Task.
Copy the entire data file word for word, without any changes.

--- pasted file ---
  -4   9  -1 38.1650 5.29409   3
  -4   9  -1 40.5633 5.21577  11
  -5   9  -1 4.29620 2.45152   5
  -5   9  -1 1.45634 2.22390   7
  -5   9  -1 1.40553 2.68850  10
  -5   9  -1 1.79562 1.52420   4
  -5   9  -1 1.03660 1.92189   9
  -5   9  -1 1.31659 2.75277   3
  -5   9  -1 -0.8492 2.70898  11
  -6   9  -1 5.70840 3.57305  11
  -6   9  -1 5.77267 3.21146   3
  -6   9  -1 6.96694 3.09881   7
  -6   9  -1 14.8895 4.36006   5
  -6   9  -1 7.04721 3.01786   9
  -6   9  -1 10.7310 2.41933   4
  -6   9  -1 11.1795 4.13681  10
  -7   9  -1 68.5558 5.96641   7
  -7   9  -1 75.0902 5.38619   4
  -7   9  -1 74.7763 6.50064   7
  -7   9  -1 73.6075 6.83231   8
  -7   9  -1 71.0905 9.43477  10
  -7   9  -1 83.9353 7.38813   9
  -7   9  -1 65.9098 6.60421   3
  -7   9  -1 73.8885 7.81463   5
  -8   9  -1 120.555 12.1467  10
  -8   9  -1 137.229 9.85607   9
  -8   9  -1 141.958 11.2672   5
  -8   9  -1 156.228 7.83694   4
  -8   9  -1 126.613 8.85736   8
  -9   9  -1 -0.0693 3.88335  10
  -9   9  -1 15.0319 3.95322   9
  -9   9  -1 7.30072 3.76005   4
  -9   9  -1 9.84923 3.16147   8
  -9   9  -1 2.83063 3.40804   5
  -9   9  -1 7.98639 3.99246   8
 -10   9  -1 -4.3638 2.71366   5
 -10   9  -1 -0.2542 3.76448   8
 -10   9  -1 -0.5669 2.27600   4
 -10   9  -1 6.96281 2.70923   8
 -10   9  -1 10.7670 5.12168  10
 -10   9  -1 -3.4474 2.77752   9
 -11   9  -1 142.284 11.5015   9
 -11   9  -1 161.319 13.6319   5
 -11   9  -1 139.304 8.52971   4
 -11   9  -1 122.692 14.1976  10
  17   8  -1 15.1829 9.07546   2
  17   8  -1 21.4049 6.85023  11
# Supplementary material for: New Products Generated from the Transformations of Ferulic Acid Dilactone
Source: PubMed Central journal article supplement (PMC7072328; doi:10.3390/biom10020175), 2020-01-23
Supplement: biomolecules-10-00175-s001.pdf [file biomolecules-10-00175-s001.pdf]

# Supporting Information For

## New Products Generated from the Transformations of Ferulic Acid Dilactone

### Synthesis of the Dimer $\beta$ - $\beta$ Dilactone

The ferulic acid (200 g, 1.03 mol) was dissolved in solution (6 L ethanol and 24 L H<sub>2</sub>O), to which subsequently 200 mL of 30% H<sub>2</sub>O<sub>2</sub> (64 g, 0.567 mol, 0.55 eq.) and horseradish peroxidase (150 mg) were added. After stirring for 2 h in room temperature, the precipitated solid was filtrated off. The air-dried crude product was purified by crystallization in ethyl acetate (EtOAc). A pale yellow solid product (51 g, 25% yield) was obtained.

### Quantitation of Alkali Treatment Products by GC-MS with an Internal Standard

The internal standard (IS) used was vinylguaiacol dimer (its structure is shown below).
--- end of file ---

  -4   9  -1 38.1650 5.29409   3
  -4   9  -1 40.5633 5.21577  11
  -5   9  -1 4.29620 2.45152   5
  -5   9  -1 1.45634 2.22390   7
  -5   9  -1 1.40553 2.68850  10
  -5   9  -1 1.79562 1.52420   4
  -5   9  -1 1.03660 1.92189   9
  -5   9  -1 1.31659 2.75277   3
  -5   9  -1 -0.8492 2.70898  11
  -6   9  -1 5.70840 3.57305  11
  -6   9  -1 5.77267 3.21146   3
  -6   9  -1 6.96694 3.09881   7
  -6   9  -1 14.8895 4.36006   5
  -6   9  -1 7.04721 3.01786   9
  -6   9  -1 10.7310 2.41933   4
  -6   9  -1 11.1795 4.13681  10
  -7   9  -1 68.5558 5.96641   7
  -7   9  -1 75.0902 5.38619   4
  -7   9  -1 74.7763 6.50064   7
  -7   9  -1 73.6075 6.83231   8
  -7   9  -1 71.0905 9.43477  10
  -7   9  -1 83.9353 7.38813   9
  -7   9  -1 65.9098 6.60421   3
  -7   9  -1 73.8885 7.81463   5
  -8   9  -1 120.555 12.1467  10
  -8   9  -1 137.229 9.85607   9
  -8   9  -1 141.958 11.2672   5
  -8   9  -1 156.228 7.83694   4
  -8   9  -1 126.613 8.85736   8
  -9   9  -1 -0.0693 3.88335  10
  -9   9  -1 15.0319 3.95322   9
  -9   9  -1 7.30072 3.76005   4
  -9   9  -1 9.84923 3.16147   8
  -9   9  -1 2.83063 3.40804   5
  -9   9  -1 7.98639 3.99246   8
 -10   9  -1 -4.3638 2.71366   5
 -10   9  -1 -0.2542 3.76448   8
 -10   9  -1 -0.5669 2.27600   4
 -10   9  -1 6.96281 2.70923   8
 -10   9  -1 10.7670 5.12168  10
 -10   9  -1 -3.4474 2.77752   9
 -11   9  -1 142.284 11.5015   9
 -11   9  -1 161.319 13.6319   5
 -11   9  -1 139.304 8.52971   4
 -11   9  -1 122.692 14.1976  10
  17   8  -1 15.1829 9.07546   2
  17   8  -1 21.4049 6.85023  11
# Supplementary material for: New Products Generated from the Transformations of Ferulic Acid Dilactone
Source: PubMed Central journal article supplement (PMC7072328; doi:10.3390/biom10020175), 2020-01-23
Supplement: biomolecules-10-00175-s001.pdf [file biomolecules-10-00175-s001.pdf]

# Supporting Information For

## New Products Generated from the Transformations of Ferulic Acid Dilactone

### Synthesis of the Dimer $\beta$ - $\beta$ Dilactone

The ferulic acid (200 g, 1.03 mol) was dissolved in solution (6 L ethanol and 24 L H<sub>2</sub>O), to which subsequently 200 mL of 30% H<sub>2</sub>O<sub>2</sub> (64 g, 0.567 mol, 0.55 eq.) and horseradish peroxidase (150 mg) were added. After stirring for 2 h in room temperature, the precipitated solid was filtrated off. The air-dried crude product was purified by crystallization in ethyl acetate (EtOAc). A pale yellow solid product (51 g, 25% yield) was obtained.

### Quantitation of Alkali Treatment Products by GC-MS with an Internal Standard

The internal standard (IS) used was vinylguaiacol dimer (its structure is shown below).